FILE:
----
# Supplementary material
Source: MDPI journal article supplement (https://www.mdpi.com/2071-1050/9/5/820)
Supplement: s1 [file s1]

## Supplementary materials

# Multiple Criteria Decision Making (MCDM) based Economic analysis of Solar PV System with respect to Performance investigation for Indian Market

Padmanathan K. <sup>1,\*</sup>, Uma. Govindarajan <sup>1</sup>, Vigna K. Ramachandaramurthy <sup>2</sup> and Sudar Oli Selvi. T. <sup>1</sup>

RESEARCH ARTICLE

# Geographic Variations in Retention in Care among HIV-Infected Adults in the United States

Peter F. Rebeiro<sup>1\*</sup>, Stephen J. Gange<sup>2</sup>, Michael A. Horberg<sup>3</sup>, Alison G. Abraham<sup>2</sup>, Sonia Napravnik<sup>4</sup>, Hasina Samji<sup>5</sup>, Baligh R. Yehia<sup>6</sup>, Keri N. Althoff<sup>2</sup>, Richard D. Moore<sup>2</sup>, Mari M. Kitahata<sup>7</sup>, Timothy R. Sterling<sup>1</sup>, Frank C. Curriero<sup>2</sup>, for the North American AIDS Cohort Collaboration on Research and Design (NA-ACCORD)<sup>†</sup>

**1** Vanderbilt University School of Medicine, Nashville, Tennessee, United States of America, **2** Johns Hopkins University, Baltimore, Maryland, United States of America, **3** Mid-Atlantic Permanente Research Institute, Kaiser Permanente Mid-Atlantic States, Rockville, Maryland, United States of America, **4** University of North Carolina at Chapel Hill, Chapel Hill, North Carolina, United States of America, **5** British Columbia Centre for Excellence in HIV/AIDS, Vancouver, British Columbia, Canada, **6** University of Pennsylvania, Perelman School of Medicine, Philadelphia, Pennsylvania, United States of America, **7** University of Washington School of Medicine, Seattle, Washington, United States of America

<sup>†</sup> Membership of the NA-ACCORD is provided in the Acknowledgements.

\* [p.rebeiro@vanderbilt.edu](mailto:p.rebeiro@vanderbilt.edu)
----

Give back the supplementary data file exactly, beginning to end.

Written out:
# Supplementary material
Source: MDPI journal article supplement (https://www.mdpi.com/2071-1050/9/5/820)
Supplement: s1 [file s1]

## Supplementary materials

# Multiple Criteria Decision Making (MCDM) based Economic analysis of Solar PV System with respect to Performance investigation for Indian Market

Padmanathan K. <sup>1,\*</sup>, Uma. Govindarajan <sup>1</sup>, Vigna K. Ramachandaramurthy <sup>2</sup> and Sudar Oli Selvi. T. <sup>1</sup>

RESEARCH ARTICLE

# Geographic Variations in Retention in Care among HIV-Infected Adults in the United States

Peter F. Rebeiro<sup>1\*</sup>, Stephen J. Gange<sup>2</sup>, Michael A. Horberg<sup>3</sup>, Alison G. Abraham<sup>2</sup>, Sonia Napravnik<sup>4</sup>, Hasina Samji<sup>5</sup>, Baligh R. Yehia<sup>6</sup>, Keri N. Althoff<sup>2</sup>, Richard D. Moore<sup>2</sup>, Mari M. Kitahata<sup>7</sup>, Timothy R. Sterling<sup>1</sup>, Frank C. Curriero<sup>2</sup>, for the North American AIDS Cohort Collaboration on Research and Design (NA-ACCORD)<sup>†</sup>

**1** Vanderbilt University School of Medicine, Nashville, Tennessee, United States of America, **2** Johns Hopkins University, Baltimore, Maryland, United States of America, **3** Mid-Atlantic Permanente Research Institute, Kaiser Permanente Mid-Atlantic States, Rockville, Maryland, United States of America, **4** University of North Carolina at Chapel Hill, Chapel Hill, North Carolina, United States of America, **5** British Columbia Centre for Excellence in HIV/AIDS, Vancouver, British Columbia, Canada, **6** University of Pennsylvania, Perelman School of Medicine, Philadelphia, Pennsylvania, United States of America, **7** University of Washington School of Medicine, Seattle, Washington, United States of America

<sup>†</sup> Membership of the NA-ACCORD is provided in the Acknowledgements.

\* [p.rebeiro@vanderbilt.edu](mailto:p.rebeiro@vanderbilt.edu)